That moment elevated Hewitt to legendary status in the Granite City. He was the ultimate example of a local boy done good, helping the team he had supported his entire life to the greatest honour in their history, but the sheer scale of what Aberdeen had achieved didn’t truly hit home until the team returned to Scotland and paraded the trophy in front of tens of thousands of ecstatic fans.

“It didn’t really strike us, the magnitude of our achievement, until the bus reached the top end of Union Street,” Hewitt recalled with a faraway look in his eye. “Then you saw the full length of Union Street a sea of red and white. There were people hanging out windows, their houses and offices. So, it was like ‘wow.’

“Then it started to sink in what we’d achieved the night before. After the game, because it was such a miserable night, it was pretty low-key. We went back to the Fars Hatt Motel on the outskirts of Gothenburg and in the middle of a forest. The wives came with us.

“We had something to eat there, the directors too. Then it was off to bed because we’d an early flight the next day back to Aberdeen. Some of the boys stayed up and had a few drinks but the majority of us went back to our beds.

“It wasn’t really a case of celebrating the win that night. Once we got back to Aberdeen, you’re seeing people on the airport roof and packing the streets, then we’re all thinking ‘wow.’


“I still get asked the question. As you say, it’s 40 years ago, but even to this day there’s still people I’ll bump into on the street or I’ll see – I’ve never met them before – and they’ll say ‘How did it feel scoring the winner against Real Madrid?’. You’ve got to go through everything again.

“I didn’t really appreciate what I’d done, what we’d done, until we got back to the city the following day and saw hundreds of thousands of people lining the streets. Then it donned on me that I’d scored the winning goal the night before.

“It was crazy. I’ve never seen so many people in Aberdeen all my life. Union Street was a sea of red and white, King Street was a sea of red and white. And then even inside Pittodrie, they spilled onto the track-side, they were sitting on the gravel track. It was filled to the rims. It was just a special occasion.”

Playing such an important role in such an historic event might inflate the ego of your average footballer, but Hewitt remains refreshingly grounded about it all. His legacy is gargantuan in the city he still lives and works in but he is down-to-earth about his place in the grand scheme of history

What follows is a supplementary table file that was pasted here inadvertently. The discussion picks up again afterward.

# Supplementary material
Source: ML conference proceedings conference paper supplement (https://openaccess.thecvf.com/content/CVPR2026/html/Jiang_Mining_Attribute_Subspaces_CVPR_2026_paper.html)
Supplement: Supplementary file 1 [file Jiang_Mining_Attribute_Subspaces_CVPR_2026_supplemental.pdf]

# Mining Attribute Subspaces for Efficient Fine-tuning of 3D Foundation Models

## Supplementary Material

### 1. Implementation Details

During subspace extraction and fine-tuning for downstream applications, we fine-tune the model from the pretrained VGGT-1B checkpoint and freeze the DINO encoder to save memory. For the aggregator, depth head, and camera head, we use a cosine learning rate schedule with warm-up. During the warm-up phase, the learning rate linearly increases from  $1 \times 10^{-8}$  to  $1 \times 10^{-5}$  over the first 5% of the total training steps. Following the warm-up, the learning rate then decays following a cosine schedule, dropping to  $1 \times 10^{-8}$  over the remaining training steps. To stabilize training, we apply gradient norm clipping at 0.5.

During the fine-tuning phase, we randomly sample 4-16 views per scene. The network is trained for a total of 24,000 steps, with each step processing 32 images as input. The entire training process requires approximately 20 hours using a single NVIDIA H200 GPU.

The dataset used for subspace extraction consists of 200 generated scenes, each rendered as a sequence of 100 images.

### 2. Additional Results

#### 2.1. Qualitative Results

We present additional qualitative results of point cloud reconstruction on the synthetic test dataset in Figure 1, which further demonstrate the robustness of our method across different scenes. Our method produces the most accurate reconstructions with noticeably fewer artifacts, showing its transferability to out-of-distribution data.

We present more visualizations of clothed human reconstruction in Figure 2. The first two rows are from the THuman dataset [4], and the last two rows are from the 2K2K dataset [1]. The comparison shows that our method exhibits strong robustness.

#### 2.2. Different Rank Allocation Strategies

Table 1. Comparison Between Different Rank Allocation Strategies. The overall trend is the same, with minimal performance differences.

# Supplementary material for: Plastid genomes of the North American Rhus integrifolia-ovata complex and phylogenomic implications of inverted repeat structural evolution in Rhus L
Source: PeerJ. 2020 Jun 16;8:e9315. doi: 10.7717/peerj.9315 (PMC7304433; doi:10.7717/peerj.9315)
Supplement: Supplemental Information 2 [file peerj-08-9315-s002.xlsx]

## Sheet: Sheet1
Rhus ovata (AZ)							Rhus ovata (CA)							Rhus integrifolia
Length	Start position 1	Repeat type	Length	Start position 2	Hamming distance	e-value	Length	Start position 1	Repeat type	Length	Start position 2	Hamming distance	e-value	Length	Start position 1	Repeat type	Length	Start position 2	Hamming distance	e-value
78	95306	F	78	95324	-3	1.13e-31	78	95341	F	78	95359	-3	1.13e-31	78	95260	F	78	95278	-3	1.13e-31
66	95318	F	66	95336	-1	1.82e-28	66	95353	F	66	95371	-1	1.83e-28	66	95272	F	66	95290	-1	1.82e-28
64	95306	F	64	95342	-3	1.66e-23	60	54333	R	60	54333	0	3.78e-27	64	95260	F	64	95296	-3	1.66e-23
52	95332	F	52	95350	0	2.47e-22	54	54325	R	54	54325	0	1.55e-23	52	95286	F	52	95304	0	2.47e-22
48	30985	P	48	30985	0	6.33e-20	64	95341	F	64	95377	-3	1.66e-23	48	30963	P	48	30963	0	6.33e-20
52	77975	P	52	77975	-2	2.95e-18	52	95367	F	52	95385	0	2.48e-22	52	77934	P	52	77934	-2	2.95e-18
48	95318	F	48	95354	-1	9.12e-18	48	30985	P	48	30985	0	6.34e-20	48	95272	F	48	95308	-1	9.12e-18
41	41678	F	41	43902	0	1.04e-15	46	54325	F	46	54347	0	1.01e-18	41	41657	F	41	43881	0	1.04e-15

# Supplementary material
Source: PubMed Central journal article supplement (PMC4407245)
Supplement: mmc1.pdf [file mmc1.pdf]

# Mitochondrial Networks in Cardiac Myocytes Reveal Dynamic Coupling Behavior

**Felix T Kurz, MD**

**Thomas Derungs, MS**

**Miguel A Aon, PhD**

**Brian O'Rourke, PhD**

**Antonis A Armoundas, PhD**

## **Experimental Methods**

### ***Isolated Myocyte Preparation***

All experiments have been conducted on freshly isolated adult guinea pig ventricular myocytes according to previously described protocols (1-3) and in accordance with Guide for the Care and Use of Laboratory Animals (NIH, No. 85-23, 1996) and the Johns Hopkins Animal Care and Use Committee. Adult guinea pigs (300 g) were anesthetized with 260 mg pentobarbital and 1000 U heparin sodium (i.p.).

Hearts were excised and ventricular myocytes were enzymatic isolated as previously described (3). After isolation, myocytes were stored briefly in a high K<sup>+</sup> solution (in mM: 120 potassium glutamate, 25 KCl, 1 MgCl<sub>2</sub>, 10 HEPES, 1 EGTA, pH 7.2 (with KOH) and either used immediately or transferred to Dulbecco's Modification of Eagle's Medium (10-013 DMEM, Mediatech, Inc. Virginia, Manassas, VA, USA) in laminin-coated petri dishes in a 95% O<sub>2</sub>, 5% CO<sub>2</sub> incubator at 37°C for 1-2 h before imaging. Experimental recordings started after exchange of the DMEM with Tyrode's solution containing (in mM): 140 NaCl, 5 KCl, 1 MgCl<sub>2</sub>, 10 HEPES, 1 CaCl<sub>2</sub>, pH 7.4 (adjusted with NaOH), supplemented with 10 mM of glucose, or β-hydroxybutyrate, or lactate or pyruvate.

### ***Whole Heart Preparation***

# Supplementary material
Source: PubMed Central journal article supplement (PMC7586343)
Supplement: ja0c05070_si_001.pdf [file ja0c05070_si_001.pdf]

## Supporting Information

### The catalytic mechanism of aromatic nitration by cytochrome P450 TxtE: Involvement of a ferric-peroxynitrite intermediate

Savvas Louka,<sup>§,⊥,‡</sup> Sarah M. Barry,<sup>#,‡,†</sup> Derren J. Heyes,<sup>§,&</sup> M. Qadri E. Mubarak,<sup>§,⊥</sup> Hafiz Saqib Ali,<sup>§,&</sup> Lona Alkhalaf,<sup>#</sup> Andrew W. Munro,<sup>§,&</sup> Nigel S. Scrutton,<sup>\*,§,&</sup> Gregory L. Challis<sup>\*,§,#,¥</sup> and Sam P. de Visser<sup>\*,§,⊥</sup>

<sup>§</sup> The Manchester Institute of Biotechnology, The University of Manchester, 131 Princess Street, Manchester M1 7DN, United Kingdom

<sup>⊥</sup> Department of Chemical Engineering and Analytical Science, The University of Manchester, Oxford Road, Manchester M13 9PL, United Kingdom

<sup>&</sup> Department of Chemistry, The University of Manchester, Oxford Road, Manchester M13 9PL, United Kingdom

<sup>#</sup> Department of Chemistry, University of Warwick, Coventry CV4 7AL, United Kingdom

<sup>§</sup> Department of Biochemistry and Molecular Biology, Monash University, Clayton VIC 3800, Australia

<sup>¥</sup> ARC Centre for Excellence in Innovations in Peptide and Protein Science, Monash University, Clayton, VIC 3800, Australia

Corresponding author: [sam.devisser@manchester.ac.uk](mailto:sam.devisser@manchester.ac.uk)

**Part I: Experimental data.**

“To be honest, I don’t think anything about it,” he says matter-of-factly. “It’s just normal. I’m just a local boy. I just get on with my day-to-day job.

“I supported the club as a kid and I still support the club. My work colleagues and friends know the situation. They know of my background. Now I’m working in oil and gas. It’s never been a problem for me at all. People have been quite welcoming, always saying ‘well done’ and ‘great achievement.’

“I was part of a very special group of boys managed by Sir Alex. He got the best out of us and filled us with belief we could go on to achieve great things – and we did.”

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He added: “Gothenburg didn’t change my life. As far as I’m concerned, it stayed the same. Obviously, I’m known as the player who scored the winning goal. But, it certainly hasn’t changed my life. I just got on with things normally.

“I kept playing until it was time for me to retire and then I started working like everybody else. Back in those days there wasn’t a lot of money in football. So it was basically a job.

“If we were playing with the same group of boys nowadays, achieving the same level of success, we’d all be millionaires. But back in the day, there wasn’t really money in football. It was a living and that was it. But it wasn’t so much about money – it was trying to achieve things.

“And we sure did that, winning leagues, Scottish Cups, League Cups, the Cup Winners Cup and the Super Cup, which people tend to forget. Officially, in 1983 we were the number one team in Europe and that was a great accolade.”

Video John Hewitt Goal v Real Madrid ~1983 UEFA Cup Winners' Cup Final